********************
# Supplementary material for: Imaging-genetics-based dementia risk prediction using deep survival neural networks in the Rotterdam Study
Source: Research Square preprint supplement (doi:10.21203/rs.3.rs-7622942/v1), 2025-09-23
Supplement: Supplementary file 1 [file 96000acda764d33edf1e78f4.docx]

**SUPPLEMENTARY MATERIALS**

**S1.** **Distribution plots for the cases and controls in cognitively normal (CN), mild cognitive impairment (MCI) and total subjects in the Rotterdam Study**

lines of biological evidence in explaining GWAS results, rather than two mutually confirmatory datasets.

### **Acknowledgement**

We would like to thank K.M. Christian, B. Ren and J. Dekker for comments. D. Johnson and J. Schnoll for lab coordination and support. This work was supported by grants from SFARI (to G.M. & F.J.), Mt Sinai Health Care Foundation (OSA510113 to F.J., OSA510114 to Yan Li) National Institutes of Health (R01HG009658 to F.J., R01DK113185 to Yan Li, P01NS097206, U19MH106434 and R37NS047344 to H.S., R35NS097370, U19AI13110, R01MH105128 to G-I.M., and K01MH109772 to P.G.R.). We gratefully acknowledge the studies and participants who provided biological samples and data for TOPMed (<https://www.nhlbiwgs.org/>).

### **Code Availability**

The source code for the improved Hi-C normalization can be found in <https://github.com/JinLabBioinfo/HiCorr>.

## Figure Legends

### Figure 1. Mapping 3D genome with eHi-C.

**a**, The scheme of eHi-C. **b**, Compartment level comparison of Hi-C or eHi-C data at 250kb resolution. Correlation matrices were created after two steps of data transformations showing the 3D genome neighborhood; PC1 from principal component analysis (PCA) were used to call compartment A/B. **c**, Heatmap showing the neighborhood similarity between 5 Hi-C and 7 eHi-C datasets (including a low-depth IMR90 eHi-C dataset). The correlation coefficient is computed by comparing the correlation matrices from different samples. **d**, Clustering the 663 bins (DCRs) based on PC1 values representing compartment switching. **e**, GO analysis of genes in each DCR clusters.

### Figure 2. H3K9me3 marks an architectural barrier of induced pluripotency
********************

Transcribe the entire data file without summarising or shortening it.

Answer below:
# Supplementary material for: Imaging-genetics-based dementia risk prediction using deep survival neural networks in the Rotterdam Study
Source: Research Square preprint supplement (doi:10.21203/rs.3.rs-7622942/v1), 2025-09-23
Supplement: Supplementary file 1 [file 96000acda764d33edf1e78f4.docx]

**SUPPLEMENTARY MATERIALS**

**S1.** **Distribution plots for the cases and controls in cognitively normal (CN), mild cognitive impairment (MCI) and total subjects in the Rotterdam Study**

lines of biological evidence in explaining GWAS results, rather than two mutually confirmatory datasets.

### **Acknowledgement**

We would like to thank K.M. Christian, B. Ren and J. Dekker for comments. D. Johnson and J. Schnoll for lab coordination and support. This work was supported by grants from SFARI (to G.M. & F.J.), Mt Sinai Health Care Foundation (OSA510113 to F.J., OSA510114 to Yan Li) National Institutes of Health (R01HG009658 to F.J., R01DK113185 to Yan Li, P01NS097206, U19MH106434 and R37NS047344 to H.S., R35NS097370, U19AI13110, R01MH105128 to G-I.M., and K01MH109772 to P.G.R.). We gratefully acknowledge the studies and participants who provided biological samples and data for TOPMed (<https://www.nhlbiwgs.org/>).

### **Code Availability**

The source code for the improved Hi-C normalization can be found in <https://github.com/JinLabBioinfo/HiCorr>.

## Figure Legends

### Figure 1. Mapping 3D genome with eHi-C.

**a**, The scheme of eHi-C. **b**, Compartment level comparison of Hi-C or eHi-C data at 250kb resolution. Correlation matrices were created after two steps of data transformations showing the 3D genome neighborhood; PC1 from principal component analysis (PCA) were used to call compartment A/B. **c**, Heatmap showing the neighborhood similarity between 5 Hi-C and 7 eHi-C datasets (including a low-depth IMR90 eHi-C dataset). The correlation coefficient is computed by comparing the correlation matrices from different samples. **d**, Clustering the 663 bins (DCRs) based on PC1 values representing compartment switching. **e**, GO analysis of genes in each DCR clusters.

### Figure 2. H3K9me3 marks an architectural barrier of induced pluripotency